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International Development Association


The In­ter­na­tional De­vel­op­ment Association (IDA), which is responsible for the poorest coun­tries in the world, plays a key role in reducing pov­er­ty around the globe. It was founded in 1960 and is legally and financially independent, although it is managed by the staff of the In­ter­na­tional Bank for Reconstruction and De­vel­op­ment (IBRD). The IDA currently has 172 members (as at: October 2012). It pursues the same objectives as the IBRD, but it offers loans on significantly more favourable terms to the around 81 poorest coun­tries in the world. Since 2002 the IDA has increasingly been issuing non-repayable grants in addition to loans.

In the fiscal year 2012, the IDA provided a total of 14.7 billion US dollars in the form of loans and grants, with more than half going to coun­tries in Africa.

Unlike the IBRD, the IDA does not raise the funds for its loans on the capital markets. They are financed from members' contributions, surplus funds transferred by the IBRD and the In­ter­na­tional Finance Corporation and loan repayments from recipient coun­tries. The level of these funds is reviewed every three years within the framework of replenishment negotiations, at which IDA strategies are also reconsidered and priorities set for the coming years.

16th replenishment negotiations

At the 16th replenishment of the IDA in December 2010, IDA donor coun­tries provided about 49.3 billion US dollars, which the IDA can spend between 1 July 2011 and 30 June 2014. This sum includes contributions to the debt relief initiative for Heavily Indebted Poor Countries (HIPC) and from the Multilateral Debt Relief Initiative (MDRI). After the United Kingdom, the USA and Japan, Germany is the fourth largest contributor to the 16th replenishment of the IDA. Germany currently holds just under six per cent (5.66 percent) of the voting rights.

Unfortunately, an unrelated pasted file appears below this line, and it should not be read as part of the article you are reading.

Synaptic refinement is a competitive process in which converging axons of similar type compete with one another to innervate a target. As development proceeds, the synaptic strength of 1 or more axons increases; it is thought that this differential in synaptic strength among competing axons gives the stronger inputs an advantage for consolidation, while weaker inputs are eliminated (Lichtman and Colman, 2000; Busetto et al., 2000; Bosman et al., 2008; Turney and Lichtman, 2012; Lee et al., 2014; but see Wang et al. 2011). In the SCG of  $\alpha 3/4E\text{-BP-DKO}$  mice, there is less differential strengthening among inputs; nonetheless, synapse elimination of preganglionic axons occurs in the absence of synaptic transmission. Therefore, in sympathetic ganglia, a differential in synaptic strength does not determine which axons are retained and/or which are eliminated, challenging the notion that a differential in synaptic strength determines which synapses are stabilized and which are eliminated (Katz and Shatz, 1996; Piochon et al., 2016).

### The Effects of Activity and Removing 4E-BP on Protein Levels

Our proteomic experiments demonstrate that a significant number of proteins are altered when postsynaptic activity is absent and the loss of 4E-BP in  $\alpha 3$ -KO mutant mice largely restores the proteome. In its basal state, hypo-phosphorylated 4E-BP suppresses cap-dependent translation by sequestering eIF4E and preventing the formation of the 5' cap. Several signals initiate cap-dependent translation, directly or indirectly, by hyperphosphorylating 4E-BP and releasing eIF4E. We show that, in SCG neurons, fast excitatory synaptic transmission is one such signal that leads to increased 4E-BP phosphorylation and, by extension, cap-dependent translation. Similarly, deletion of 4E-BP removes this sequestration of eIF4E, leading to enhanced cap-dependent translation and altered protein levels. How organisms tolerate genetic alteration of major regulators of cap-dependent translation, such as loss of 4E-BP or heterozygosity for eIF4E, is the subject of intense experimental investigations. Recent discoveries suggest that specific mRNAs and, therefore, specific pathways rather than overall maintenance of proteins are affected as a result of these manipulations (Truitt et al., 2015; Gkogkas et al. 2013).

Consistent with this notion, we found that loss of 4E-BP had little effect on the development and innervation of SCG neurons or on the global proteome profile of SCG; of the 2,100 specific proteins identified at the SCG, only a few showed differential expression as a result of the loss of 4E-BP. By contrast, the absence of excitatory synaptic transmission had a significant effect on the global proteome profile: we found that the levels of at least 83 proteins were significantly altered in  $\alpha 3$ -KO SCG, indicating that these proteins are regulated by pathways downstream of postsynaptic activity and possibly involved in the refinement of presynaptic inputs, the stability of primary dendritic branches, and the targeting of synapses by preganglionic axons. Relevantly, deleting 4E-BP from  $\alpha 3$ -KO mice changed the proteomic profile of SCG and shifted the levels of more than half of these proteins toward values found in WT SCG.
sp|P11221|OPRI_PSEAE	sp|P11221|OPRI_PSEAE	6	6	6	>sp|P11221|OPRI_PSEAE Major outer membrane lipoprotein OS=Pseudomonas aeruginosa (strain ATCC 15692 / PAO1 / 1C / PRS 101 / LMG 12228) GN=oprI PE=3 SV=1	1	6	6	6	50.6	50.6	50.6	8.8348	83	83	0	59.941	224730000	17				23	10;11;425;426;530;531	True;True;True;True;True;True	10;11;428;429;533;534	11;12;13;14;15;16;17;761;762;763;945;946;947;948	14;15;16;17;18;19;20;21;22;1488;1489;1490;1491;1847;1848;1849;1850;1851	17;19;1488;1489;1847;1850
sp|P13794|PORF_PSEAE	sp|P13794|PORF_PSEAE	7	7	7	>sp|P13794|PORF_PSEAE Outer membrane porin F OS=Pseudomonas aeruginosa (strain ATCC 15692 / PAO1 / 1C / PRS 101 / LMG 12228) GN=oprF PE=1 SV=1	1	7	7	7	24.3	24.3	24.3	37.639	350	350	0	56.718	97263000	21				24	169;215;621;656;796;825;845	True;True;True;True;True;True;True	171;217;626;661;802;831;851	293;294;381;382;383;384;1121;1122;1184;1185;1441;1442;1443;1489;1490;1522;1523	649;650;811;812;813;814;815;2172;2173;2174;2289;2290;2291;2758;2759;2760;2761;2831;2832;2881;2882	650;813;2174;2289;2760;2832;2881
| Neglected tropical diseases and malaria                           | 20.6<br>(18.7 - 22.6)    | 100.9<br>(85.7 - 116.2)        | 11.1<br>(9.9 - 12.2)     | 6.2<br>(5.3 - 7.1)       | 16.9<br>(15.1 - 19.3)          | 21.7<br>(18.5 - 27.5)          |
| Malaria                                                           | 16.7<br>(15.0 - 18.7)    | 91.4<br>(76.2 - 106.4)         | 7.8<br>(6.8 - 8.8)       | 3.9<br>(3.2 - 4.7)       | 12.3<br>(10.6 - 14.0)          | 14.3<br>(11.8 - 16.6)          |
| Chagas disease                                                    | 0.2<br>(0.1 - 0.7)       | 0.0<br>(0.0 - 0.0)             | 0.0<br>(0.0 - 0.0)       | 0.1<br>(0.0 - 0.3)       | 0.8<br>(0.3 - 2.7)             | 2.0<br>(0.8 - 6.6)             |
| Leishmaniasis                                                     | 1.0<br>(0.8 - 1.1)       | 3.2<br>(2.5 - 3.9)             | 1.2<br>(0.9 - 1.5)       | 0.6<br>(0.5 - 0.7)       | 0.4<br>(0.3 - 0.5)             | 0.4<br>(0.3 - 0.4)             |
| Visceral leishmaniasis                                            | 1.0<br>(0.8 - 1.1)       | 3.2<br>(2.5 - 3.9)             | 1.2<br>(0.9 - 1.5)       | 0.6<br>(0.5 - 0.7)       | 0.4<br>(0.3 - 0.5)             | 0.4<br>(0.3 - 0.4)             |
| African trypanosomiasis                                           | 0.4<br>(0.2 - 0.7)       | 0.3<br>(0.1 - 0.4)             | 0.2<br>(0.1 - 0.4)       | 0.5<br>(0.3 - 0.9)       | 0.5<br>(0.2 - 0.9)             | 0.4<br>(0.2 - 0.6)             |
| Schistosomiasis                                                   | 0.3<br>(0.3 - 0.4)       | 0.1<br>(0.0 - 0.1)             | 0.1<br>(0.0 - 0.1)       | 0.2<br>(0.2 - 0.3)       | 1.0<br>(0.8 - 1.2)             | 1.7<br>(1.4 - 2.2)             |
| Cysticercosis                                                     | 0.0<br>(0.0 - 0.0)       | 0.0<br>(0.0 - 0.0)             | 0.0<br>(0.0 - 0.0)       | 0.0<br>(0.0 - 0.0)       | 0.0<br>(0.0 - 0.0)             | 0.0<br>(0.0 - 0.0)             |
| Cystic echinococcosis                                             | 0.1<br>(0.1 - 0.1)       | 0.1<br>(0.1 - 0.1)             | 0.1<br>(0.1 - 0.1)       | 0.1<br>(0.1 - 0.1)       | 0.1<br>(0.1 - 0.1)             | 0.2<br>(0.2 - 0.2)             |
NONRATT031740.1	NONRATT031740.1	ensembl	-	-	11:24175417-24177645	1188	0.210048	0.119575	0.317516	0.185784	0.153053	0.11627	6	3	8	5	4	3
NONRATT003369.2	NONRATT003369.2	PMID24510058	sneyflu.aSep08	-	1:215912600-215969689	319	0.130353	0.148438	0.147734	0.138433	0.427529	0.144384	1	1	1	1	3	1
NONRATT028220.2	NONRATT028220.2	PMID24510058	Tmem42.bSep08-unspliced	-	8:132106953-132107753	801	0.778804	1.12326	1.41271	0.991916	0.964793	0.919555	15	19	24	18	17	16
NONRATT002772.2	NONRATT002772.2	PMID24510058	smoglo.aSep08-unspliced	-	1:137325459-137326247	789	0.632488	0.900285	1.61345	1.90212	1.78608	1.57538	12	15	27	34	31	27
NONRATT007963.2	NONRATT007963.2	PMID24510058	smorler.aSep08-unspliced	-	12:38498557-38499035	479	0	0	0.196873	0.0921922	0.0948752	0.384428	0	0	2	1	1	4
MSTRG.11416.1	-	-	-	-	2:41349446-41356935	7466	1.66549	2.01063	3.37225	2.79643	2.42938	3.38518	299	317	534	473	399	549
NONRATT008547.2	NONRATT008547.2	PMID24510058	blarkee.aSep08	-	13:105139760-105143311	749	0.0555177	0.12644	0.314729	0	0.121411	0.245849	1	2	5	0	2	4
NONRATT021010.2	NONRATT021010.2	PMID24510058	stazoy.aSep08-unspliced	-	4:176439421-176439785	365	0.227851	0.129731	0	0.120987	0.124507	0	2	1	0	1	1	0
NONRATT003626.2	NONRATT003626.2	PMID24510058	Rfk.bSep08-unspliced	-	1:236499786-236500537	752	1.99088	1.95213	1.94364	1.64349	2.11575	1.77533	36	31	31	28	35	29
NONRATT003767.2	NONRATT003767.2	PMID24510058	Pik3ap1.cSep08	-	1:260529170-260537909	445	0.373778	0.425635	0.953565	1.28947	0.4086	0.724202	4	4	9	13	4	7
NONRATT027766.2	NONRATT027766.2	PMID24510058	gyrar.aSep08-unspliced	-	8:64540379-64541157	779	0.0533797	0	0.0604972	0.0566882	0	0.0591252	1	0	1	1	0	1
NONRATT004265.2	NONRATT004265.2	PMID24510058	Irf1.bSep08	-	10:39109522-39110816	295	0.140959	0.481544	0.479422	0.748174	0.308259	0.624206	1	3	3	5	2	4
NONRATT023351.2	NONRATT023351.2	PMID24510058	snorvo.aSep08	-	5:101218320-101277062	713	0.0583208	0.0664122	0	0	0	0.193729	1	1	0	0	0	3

During the 16th IDA replenishment negotiations, the IDA Deputies from industrialised and de­vel­op­ing coun­tries debated not only the funding of the IDA but also five special issues: climate change mitigation, fragile and conflict-affected states, gender, crisis response and a tighter focus on results. The outcomes of the negotiations were set out by the IDA Deputies in their final report.

Until October 2012, Germany and France chaired the working group on fragile states. BMZ is engaged in this area on an ongoing basis in the context of the World Bank. It is supported in its work by the Ge­sell­schaft für In­ter­na­ti­o­nale Zu­sam­men­ar­beit (GIZ); this helps to promote closer links between bilateral and multilateral de­vel­op­ment co­op­er­a­tion. In April 2012 Germany presented the GIZ study entitled 'The engagement of the In­ter­na­tional De­vel­op­ment Association (IDA) in fragile states – Proposals for a reform agenda' in Washington.

Halfway through the replenishment period the IDA Deputies meet for a midterm review at which they discuss whether the IDA’s objectives are being achieved. The last midterm review was held in November 2012 in Abidjan, Côte d'Ivoire.

Another outcome of the 16th replenishment negotiations was that the IDA must now report more transparently on its progress. To this end a new IDA Results Measurement System has been set up. This system is publicly accessible and provides evidence of the progress being made, including progress between negotiating rounds and the midterm review.

17th replenishment negotiations

The 17th IDA replenishment negotiations began in March 2013 and will involve four negotiating rounds in the space of a year. In the course of the negotiations the Deputies will again address a range of special issues: inclusive growth, climate change mitigation, gender equality, and fragile and conflict-affected states.

The BMZ invites representatives of civil society and science to learn about the IDA and to participate in the thematic planning of the 17th replenishment negotiations via an internal platform.

If you have questions or ideas or would like to be involved in the experts' discussions, please email ida17@bmz.de.

More information

Contact

International Development Association (IDA)

1818 H Street, NW
Washington, DC 20433
USA
Phone: +1 / 202 / 4 73 10 00

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